It will be a long time before it is accepted that the programme has not worked and so in the meantime all manner of additional sacrifices will be demanded of the British people. They will be used as fodder in the war on the national debt - a war that cannot be won.
But when it is finally by accepted the government, whichever it may be, that austerity did not work, it will have to then look at the options outlined in the last RPN - namely defaulting on the debts or printing money. THERE ARE NO OTHER OPTIONS. By that time our economy and our society will be in an unimaginably terrible state.
As someone once said. “It’s not over ‘til it’s over.”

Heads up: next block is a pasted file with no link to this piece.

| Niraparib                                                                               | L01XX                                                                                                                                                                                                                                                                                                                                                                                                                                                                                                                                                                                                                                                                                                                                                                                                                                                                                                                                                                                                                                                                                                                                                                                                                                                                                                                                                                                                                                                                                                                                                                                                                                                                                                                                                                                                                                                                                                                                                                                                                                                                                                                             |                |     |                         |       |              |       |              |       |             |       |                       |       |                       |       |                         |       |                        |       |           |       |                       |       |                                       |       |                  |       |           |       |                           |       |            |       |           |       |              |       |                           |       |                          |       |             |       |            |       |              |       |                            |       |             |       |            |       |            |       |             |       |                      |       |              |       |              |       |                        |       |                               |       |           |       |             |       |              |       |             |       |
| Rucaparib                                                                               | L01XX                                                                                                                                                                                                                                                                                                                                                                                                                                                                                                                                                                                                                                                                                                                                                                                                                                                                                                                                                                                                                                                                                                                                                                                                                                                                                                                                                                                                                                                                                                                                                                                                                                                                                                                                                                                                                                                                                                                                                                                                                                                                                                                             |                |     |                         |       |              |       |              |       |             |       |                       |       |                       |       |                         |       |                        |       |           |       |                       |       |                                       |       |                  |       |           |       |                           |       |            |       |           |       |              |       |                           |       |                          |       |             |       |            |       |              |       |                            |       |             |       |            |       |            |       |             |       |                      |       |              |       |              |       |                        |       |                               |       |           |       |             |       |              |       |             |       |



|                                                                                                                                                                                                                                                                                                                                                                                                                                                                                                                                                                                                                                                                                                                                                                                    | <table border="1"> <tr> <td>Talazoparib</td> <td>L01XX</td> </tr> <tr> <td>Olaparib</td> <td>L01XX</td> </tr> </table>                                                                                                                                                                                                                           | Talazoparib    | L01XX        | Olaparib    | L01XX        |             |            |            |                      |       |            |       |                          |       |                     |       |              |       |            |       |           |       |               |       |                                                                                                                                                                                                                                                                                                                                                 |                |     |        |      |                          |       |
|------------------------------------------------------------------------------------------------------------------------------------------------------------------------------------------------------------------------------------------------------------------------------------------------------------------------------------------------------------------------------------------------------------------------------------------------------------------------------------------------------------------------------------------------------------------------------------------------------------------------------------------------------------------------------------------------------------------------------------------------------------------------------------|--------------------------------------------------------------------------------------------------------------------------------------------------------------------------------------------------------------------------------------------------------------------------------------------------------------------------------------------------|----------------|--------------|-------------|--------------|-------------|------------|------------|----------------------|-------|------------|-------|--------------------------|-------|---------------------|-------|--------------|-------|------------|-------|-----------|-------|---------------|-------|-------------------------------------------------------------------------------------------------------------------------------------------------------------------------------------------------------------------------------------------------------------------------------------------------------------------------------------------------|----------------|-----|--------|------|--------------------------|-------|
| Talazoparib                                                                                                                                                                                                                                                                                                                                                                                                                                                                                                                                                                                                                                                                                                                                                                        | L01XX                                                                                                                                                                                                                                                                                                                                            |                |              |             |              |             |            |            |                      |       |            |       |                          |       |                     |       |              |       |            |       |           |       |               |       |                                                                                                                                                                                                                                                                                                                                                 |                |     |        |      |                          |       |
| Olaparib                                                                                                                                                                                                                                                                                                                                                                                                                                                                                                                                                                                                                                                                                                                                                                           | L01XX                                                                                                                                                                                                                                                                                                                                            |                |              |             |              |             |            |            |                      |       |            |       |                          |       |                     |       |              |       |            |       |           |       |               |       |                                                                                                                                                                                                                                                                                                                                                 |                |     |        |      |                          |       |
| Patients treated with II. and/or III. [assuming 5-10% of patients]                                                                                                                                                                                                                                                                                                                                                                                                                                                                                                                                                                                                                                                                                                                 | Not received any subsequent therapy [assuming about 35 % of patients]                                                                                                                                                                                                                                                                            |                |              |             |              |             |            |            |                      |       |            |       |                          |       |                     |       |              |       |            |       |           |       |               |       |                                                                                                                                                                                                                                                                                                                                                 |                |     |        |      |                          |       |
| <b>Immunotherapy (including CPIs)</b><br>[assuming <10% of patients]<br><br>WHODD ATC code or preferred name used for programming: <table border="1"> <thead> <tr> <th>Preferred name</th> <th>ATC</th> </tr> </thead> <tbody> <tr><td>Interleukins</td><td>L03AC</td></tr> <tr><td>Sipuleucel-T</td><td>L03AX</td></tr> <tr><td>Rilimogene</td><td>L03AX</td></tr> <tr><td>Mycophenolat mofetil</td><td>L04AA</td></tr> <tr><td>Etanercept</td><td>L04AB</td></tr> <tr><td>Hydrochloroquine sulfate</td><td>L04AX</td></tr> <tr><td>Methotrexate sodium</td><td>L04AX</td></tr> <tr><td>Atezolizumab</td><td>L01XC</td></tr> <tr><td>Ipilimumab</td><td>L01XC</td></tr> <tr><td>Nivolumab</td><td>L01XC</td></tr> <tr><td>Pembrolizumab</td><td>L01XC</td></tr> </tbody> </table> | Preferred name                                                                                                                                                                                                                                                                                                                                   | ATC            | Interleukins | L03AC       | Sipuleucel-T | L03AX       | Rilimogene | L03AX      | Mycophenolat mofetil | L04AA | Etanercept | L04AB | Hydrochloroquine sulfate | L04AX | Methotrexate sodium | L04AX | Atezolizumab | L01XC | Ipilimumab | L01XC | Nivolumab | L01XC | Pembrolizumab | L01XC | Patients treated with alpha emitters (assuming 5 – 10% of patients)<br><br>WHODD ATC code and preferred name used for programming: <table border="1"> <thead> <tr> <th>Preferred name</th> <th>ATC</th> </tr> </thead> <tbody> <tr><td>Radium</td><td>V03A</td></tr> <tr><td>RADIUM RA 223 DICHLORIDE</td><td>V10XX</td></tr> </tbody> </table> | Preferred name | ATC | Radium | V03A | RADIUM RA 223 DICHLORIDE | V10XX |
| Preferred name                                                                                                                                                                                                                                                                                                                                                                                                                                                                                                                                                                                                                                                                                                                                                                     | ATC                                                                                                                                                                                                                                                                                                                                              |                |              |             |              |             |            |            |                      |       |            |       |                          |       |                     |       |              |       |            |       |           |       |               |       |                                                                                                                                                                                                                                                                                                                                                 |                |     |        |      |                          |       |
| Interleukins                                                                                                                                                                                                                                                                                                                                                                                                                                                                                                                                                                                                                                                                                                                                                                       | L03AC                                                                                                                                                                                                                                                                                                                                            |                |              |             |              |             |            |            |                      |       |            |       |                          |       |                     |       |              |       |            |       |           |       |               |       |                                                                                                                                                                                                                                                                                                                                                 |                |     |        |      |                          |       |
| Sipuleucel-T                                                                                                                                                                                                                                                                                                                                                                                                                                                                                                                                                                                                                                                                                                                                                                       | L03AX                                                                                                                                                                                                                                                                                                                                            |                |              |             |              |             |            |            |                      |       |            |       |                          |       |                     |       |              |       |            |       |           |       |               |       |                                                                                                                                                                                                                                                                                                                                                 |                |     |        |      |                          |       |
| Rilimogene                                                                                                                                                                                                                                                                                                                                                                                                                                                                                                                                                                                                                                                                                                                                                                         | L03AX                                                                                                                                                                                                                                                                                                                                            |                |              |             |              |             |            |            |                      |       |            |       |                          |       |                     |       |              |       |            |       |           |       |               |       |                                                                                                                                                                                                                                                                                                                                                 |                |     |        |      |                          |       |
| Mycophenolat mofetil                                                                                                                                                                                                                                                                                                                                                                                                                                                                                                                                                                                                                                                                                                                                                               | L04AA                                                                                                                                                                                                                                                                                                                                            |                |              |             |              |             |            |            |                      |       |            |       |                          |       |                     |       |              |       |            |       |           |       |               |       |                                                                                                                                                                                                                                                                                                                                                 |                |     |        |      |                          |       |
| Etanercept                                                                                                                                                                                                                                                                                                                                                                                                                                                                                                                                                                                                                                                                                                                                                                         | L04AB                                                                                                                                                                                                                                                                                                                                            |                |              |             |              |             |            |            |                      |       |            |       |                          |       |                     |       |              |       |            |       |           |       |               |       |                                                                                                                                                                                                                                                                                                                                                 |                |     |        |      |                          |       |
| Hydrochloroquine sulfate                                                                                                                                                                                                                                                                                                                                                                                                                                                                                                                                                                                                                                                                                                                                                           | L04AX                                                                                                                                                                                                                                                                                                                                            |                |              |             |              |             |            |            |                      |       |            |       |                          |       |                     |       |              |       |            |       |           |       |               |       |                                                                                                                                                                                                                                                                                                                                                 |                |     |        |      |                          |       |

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……. …….until next time
Comment from Richard Middleton
Generally speaking, there are two ways,
in which government debt can be paid off: the first is
greater "tax take" from increased growth (and, in the past,
an export drive would have been part of the solution); the
second inflation, which eats up the value of debt. As most
of Britain's primary and secondary sectors have been shut
down by thirty years of New-Right Globalist nonsense,
inflation is our only option.
However, if, for the sake of argument, we
accept that Osborne is right [in saying that public spending
is out of control], then his attempts to cut the deficit
have been pathetic (but, nonetheless, potentially very
harmful to certain sections of society and sectors of the
economy). The Treasury's figure was around £166 billion for
the current financial year [the overspend] but a more
realistic estimate is probably around £180- £190 billion.